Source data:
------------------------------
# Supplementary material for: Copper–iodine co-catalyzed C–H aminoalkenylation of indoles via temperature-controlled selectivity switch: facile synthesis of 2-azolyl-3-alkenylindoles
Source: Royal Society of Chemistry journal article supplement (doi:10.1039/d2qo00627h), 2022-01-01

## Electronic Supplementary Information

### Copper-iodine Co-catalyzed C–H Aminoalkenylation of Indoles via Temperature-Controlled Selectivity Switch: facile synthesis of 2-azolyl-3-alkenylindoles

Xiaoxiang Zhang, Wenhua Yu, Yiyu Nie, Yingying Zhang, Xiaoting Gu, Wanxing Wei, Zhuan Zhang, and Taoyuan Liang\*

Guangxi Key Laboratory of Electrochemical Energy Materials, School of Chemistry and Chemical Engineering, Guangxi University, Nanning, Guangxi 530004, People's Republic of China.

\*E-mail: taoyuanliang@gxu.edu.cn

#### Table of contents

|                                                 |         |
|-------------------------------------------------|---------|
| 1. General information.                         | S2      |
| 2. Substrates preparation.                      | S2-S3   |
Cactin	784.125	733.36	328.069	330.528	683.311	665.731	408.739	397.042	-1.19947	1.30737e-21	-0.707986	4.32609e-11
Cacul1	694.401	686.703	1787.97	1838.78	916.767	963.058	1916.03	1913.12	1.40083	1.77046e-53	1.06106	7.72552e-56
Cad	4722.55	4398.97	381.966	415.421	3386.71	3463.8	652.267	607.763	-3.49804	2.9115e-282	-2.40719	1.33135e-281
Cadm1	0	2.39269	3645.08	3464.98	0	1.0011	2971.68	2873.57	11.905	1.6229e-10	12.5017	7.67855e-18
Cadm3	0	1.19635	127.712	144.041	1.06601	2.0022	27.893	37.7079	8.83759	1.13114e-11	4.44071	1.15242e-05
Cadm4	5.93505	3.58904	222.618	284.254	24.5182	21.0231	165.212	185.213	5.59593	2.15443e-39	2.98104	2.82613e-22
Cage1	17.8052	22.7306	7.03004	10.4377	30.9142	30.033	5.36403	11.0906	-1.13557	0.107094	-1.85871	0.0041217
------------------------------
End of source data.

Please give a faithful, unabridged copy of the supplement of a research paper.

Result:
# Supplementary material for: Copper–iodine co-catalyzed C–H aminoalkenylation of indoles via temperature-controlled selectivity switch: facile synthesis of 2-azolyl-3-alkenylindoles
Source: Royal Society of Chemistry journal article supplement (doi:10.1039/d2qo00627h), 2022-01-01

## Electronic Supplementary Information

### Copper-iodine Co-catalyzed C–H Aminoalkenylation of Indoles via Temperature-Controlled Selectivity Switch: facile synthesis of 2-azolyl-3-alkenylindoles

Xiaoxiang Zhang, Wenhua Yu, Yiyu Nie, Yingying Zhang, Xiaoting Gu, Wanxing Wei, Zhuan Zhang, and Taoyuan Liang\*

Guangxi Key Laboratory of Electrochemical Energy Materials, School of Chemistry and Chemical Engineering, Guangxi University, Nanning, Guangxi 530004, People's Republic of China.

\*E-mail: taoyuanliang@gxu.edu.cn

#### Table of contents

|                                                 |         |
|-------------------------------------------------|---------|
| 1. General information.                         | S2      |
| 2. Substrates preparation.                      | S2-S3   |
Cactin	784.125	733.36	328.069	330.528	683.311	665.731	408.739	397.042	-1.19947	1.30737e-21	-0.707986	4.32609e-11
Cacul1	694.401	686.703	1787.97	1838.78	916.767	963.058	1916.03	1913.12	1.40083	1.77046e-53	1.06106	7.72552e-56
Cad	4722.55	4398.97	381.966	415.421	3386.71	3463.8	652.267	607.763	-3.49804	2.9115e-282	-2.40719	1.33135e-281
Cadm1	0	2.39269	3645.08	3464.98	0	1.0011	2971.68	2873.57	11.905	1.6229e-10	12.5017	7.67855e-18
Cadm3	0	1.19635	127.712	144.041	1.06601	2.0022	27.893	37.7079	8.83759	1.13114e-11	4.44071	1.15242e-05
Cadm4	5.93505	3.58904	222.618	284.254	24.5182	21.0231	165.212	185.213	5.59593	2.15443e-39	2.98104	2.82613e-22
Cage1	17.8052	22.7306	7.03004	10.4377	30.9142	30.033	5.36403	11.0906	-1.13557	0.107094	-1.85871	0.0041217